will vary from stamp to stamp. Any stamp less than 100 years old should really be perfect in every way, but one can be more forgiving with older issues.
Briefly, here are a few of the things to consider.
For unused stamps issued after 1936 prices are for unmounted mint – stamps never previously hinged. Modern stamps with hinge marks should be substantially discounted. For earlier stamps, heavy mounts and multiple hinges will also detract from the value, while unused stamps with the gum removed are worth considerably less.
For imperforate stamps these should be clear on all sides – the design should not be cut into or even touching the edge of the stamp.
Check that these are complete, that none are missing or short, especially at the stamp corners. Ideally the margin between the stamp design and the perforations should be even and well balanced – known as ‘well centred’.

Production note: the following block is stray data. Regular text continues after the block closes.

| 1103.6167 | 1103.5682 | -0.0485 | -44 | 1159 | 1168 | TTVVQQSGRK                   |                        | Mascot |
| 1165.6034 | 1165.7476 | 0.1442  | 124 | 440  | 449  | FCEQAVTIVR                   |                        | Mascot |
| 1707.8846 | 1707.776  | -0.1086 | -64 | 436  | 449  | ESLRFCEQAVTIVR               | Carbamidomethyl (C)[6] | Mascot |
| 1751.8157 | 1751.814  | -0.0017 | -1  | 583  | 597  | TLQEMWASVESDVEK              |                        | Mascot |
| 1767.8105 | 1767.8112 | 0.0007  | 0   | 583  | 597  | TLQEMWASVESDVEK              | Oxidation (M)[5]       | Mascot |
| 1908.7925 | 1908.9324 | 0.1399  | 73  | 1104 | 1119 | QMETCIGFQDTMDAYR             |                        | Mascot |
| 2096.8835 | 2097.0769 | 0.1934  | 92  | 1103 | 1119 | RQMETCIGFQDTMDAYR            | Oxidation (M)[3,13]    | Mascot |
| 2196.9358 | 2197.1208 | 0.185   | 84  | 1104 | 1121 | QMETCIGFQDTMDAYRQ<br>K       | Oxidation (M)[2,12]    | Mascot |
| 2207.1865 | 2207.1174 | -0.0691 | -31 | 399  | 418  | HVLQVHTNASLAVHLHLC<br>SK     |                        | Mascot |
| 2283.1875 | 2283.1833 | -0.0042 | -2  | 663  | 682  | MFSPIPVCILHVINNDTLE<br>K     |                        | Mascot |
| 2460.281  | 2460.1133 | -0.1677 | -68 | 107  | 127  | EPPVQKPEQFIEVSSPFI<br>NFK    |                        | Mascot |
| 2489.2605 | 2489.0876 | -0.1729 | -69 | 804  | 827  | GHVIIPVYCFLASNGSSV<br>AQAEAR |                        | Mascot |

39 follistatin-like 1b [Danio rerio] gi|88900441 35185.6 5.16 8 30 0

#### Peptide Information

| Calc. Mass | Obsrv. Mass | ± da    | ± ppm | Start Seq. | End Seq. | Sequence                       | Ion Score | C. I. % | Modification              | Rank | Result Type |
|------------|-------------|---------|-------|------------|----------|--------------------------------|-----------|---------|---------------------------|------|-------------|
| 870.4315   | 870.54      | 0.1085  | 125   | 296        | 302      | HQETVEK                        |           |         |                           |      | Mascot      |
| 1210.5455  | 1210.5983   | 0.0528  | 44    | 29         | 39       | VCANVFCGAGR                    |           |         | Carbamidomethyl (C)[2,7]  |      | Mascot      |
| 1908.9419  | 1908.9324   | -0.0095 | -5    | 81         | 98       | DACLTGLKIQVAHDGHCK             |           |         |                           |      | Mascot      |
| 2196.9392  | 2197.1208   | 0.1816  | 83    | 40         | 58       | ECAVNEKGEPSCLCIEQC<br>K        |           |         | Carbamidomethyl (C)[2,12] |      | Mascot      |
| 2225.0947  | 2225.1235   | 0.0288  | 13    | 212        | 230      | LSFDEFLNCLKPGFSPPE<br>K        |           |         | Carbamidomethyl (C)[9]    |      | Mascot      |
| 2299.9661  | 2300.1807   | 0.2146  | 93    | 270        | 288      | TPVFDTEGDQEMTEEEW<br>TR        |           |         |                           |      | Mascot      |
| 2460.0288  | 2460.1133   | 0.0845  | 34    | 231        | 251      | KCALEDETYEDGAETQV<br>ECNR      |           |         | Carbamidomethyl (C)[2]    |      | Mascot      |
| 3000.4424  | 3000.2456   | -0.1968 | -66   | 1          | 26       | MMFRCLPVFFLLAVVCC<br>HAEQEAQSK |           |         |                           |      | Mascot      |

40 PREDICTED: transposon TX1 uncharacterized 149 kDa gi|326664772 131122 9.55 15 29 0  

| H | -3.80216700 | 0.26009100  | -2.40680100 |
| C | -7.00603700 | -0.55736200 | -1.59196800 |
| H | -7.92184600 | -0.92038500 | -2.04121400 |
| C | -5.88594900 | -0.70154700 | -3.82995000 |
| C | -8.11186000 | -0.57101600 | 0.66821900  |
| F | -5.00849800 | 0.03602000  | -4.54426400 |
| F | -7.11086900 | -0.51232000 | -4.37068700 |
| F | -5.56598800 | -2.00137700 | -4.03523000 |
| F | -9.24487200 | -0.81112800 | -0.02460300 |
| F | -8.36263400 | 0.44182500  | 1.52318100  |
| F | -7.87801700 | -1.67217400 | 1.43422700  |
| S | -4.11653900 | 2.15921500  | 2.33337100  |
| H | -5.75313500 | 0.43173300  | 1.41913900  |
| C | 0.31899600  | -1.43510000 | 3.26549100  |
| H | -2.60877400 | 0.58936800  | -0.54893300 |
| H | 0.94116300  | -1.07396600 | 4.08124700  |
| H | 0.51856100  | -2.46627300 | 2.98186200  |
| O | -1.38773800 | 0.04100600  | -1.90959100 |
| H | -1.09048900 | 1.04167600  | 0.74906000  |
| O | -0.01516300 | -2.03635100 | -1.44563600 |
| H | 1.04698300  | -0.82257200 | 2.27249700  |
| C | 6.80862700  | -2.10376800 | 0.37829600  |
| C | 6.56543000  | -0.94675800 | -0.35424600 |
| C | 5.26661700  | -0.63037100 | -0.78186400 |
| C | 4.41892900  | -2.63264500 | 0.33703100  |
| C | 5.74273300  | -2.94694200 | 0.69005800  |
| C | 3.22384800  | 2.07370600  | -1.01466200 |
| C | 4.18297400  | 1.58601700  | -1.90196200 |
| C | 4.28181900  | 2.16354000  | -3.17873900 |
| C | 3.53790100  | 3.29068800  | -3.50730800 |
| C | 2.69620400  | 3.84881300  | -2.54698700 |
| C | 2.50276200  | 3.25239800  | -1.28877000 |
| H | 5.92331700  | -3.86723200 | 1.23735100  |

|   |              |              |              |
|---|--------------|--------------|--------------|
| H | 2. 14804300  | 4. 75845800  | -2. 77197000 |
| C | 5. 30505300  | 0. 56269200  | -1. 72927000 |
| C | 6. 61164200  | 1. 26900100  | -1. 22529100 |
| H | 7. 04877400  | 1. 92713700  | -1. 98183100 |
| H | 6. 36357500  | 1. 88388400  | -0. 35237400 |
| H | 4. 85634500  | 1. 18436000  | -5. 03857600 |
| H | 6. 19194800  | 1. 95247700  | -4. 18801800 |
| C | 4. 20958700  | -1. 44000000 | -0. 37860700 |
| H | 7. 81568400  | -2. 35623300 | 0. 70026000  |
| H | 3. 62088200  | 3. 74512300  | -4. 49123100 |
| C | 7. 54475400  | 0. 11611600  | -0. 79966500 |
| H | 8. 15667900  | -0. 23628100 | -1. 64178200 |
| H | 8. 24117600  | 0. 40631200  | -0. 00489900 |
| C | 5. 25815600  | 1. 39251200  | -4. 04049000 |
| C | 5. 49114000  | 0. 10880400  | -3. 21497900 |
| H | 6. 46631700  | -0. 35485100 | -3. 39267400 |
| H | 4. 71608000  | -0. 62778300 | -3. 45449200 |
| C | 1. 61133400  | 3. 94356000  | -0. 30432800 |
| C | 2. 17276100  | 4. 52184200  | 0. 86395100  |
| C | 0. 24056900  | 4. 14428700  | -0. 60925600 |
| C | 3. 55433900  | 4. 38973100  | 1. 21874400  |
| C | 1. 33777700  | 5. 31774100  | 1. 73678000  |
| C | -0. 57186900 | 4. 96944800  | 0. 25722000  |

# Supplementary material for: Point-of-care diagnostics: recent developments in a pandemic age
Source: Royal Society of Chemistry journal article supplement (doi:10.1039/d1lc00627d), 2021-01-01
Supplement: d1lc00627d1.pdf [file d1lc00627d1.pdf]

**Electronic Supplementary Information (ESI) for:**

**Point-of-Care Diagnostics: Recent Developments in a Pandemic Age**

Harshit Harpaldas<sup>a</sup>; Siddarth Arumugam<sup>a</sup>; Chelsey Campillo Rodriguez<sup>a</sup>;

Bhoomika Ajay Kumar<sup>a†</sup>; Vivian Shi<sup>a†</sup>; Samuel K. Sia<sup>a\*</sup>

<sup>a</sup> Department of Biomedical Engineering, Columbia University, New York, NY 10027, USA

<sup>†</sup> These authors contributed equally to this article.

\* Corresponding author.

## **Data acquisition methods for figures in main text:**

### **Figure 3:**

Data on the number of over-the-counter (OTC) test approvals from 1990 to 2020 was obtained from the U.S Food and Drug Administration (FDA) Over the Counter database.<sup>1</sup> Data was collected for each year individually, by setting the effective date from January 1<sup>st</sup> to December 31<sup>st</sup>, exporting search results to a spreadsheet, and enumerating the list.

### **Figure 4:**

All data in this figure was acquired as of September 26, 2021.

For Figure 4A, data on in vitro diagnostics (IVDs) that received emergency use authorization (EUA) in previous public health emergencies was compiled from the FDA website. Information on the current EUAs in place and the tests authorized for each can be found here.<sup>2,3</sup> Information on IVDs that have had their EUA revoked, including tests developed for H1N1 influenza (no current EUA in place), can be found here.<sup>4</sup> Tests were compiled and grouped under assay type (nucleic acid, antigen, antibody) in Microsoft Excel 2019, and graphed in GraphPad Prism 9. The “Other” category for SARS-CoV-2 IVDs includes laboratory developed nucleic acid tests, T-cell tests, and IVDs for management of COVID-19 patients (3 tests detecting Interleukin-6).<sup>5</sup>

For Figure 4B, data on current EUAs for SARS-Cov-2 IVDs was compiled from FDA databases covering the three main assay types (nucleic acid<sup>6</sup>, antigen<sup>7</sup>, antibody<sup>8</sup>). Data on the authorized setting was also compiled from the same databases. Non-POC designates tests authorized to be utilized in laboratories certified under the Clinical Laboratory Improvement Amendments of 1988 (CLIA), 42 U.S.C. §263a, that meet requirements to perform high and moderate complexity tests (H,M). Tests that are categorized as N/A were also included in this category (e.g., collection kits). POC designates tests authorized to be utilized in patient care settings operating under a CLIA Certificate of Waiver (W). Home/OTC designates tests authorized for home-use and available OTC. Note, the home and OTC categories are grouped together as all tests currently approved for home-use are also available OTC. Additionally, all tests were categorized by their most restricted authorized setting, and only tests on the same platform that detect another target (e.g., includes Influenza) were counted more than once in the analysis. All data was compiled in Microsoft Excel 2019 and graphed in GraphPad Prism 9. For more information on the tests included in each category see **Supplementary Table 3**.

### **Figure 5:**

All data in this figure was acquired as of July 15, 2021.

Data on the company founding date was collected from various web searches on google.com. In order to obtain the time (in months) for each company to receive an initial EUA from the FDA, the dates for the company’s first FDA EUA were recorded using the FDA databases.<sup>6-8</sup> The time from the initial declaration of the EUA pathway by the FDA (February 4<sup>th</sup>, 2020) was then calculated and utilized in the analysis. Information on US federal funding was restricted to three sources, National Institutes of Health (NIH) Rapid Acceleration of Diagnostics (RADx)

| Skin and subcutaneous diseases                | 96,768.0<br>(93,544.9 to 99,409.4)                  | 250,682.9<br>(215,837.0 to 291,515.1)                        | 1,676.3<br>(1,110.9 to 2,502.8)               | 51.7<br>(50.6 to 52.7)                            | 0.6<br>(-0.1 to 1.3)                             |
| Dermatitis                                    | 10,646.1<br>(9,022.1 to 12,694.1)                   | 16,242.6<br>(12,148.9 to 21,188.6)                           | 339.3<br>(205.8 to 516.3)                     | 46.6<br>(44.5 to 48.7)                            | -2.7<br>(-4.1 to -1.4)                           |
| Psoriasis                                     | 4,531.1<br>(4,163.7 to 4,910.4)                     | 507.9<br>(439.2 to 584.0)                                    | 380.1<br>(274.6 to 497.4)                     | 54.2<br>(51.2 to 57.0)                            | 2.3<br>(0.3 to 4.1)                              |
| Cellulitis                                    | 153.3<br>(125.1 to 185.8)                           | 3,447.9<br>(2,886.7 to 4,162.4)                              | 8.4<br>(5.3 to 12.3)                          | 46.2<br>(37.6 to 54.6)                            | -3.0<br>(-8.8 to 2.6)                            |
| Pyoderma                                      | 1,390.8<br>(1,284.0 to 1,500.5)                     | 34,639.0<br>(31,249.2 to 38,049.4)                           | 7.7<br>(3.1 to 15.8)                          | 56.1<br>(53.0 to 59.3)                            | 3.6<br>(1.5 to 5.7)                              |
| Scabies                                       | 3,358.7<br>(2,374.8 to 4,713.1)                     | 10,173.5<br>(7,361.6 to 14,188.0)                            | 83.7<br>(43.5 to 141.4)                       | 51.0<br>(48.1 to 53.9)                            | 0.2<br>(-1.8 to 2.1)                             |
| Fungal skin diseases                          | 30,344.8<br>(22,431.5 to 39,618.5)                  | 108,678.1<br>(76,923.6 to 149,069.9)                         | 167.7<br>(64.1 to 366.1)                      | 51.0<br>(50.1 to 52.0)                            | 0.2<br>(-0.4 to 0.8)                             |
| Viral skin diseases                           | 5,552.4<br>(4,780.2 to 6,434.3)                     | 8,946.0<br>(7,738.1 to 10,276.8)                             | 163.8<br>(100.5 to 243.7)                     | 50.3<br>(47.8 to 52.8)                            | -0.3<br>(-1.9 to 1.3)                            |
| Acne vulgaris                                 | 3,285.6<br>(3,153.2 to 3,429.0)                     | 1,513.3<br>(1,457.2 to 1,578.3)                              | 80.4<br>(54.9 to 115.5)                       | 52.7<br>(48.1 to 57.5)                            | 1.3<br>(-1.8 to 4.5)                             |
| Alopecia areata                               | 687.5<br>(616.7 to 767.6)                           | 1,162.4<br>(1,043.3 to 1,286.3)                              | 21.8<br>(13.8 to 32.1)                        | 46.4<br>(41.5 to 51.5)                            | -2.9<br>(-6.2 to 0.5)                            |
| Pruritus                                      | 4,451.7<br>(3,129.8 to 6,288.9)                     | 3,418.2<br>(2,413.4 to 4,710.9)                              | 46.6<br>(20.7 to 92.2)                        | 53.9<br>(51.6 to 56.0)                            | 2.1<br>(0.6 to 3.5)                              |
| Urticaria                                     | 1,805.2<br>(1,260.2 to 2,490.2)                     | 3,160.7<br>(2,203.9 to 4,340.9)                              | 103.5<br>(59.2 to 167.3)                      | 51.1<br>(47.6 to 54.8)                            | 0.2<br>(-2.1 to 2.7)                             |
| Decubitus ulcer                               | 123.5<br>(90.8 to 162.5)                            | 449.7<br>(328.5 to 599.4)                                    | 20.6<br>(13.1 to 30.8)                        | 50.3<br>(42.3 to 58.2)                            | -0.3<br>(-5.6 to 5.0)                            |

Check that there are no tears or thins to the paper – on the front as well as the back – and that there are no bends or creases. Again, the greater the damage the further away from ‘full catalogue’ the stamp is worth.
These should be clear, clean and should not disfigure the stamp. The prices for all British stamps issued after 1880 assume used stamps to be cancelled with a clean, clear circular datestamp. Heavy parcel, wavy line or slogan cancellations reduce stamp values significantly. On the other hand, very lightly cancelled stamps should sometimes be viewed with suspicion. There needs to be enough of the postmark showing to prove that the stamp has really been used!
If the above notes seem complicated, don’t worry. You will soon become adept at viewing every stamp in the light of its condition and deciding what proportion of catalogue you are prepared to pay. If you are not certain, ask the dealer for a guarantee that he will refund your money if you’re not happy with your purchase. All good dealers will be happy to provide this.
So, buy carefully – but, above all, have fun!
For a more in-depth guide to condition and how Stanley Gibbons define, ‘fine’, visit http://bit.ly/hmWodb